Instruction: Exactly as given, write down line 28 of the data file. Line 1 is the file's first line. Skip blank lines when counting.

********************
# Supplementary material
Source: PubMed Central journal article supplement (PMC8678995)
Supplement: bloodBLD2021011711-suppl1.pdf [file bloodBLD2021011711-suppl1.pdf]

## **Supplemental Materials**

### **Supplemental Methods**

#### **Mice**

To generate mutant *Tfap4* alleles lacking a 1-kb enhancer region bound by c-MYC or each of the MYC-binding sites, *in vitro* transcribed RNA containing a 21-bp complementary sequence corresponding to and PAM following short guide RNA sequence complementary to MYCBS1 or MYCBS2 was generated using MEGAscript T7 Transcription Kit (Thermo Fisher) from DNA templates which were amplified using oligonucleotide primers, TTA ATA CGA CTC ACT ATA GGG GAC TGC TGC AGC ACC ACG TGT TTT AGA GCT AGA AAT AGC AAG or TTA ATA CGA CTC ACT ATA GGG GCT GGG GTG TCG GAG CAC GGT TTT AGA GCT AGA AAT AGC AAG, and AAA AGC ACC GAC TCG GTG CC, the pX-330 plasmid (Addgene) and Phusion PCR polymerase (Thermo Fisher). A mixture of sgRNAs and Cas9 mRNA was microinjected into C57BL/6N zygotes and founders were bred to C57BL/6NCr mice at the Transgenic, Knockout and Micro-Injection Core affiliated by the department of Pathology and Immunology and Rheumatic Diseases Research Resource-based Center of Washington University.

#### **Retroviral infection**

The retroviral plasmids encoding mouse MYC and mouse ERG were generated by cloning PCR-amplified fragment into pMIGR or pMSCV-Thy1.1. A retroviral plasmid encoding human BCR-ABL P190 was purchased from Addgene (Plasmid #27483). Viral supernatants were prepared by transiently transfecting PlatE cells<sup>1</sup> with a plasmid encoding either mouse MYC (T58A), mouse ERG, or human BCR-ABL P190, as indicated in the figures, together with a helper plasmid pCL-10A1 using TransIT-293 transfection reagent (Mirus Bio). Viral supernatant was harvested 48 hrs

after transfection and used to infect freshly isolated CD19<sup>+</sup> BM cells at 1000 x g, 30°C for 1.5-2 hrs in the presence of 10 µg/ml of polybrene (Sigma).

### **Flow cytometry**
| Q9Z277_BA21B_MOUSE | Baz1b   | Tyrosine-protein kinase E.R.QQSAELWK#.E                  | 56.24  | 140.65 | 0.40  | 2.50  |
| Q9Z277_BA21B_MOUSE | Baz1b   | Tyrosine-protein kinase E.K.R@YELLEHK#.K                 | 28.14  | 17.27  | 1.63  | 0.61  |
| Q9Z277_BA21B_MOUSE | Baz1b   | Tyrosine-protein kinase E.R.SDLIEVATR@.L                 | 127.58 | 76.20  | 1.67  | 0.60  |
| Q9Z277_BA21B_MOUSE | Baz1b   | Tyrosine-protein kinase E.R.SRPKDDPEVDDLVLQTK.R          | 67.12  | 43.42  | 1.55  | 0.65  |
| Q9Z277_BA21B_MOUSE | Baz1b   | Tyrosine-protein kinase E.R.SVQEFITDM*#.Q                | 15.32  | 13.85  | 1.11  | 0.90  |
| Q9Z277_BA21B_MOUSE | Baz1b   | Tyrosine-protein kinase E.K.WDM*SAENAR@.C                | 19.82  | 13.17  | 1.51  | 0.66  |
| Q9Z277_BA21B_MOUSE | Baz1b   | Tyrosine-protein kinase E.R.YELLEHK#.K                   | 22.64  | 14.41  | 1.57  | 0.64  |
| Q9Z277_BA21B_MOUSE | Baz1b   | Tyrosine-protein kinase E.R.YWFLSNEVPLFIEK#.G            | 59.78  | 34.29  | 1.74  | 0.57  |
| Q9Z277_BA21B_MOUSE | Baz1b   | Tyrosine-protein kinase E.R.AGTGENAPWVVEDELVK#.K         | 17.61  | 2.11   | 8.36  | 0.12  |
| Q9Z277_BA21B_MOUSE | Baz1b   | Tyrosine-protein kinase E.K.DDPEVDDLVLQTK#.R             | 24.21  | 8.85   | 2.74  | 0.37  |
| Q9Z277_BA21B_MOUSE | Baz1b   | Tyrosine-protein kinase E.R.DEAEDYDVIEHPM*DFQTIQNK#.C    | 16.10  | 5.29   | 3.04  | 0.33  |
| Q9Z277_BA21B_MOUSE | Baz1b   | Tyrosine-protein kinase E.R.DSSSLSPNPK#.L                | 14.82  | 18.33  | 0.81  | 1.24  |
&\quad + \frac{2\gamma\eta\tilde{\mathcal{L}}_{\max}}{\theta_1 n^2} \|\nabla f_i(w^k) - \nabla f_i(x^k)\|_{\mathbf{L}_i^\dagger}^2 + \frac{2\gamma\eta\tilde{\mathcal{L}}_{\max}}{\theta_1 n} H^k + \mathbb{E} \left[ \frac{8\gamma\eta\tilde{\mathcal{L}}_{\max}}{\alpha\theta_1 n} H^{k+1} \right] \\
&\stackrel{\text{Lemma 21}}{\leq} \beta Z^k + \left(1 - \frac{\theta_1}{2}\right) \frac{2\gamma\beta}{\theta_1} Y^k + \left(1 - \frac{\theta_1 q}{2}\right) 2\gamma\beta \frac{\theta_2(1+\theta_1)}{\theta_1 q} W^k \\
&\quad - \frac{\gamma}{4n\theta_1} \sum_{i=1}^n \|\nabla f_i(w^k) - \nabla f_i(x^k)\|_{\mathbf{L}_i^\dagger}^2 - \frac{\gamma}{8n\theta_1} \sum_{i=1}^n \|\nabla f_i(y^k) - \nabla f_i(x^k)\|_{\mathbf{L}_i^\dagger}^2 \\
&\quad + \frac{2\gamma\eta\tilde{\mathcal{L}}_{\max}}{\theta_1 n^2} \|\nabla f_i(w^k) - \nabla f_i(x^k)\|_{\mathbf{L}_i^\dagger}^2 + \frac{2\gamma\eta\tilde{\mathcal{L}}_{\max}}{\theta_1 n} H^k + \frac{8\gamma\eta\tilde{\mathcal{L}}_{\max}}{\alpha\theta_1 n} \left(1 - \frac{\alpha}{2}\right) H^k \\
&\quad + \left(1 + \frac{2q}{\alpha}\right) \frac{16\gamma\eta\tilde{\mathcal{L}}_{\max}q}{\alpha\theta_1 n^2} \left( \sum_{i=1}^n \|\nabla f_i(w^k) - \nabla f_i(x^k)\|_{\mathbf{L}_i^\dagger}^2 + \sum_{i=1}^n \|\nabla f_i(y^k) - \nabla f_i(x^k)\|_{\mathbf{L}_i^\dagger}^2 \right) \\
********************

&\quad + \left(1 + \frac{2q}{\alpha}\right) \frac{16\gamma\eta\tilde{\mathcal{L}}_{\max}q}{\alpha\theta_1 n^2} \left( \sum_{i=1}^n \|\nabla f_i(w^k) - \nabla f_i(x^k)\|_{\mathbf{L}_i^\dagger}^2 + \sum_{i=1}^n \|\nabla f_i(y^k) - \nabla f_i(x^k)\|_{\mathbf{L}_i^\dagger}^2 \right) \\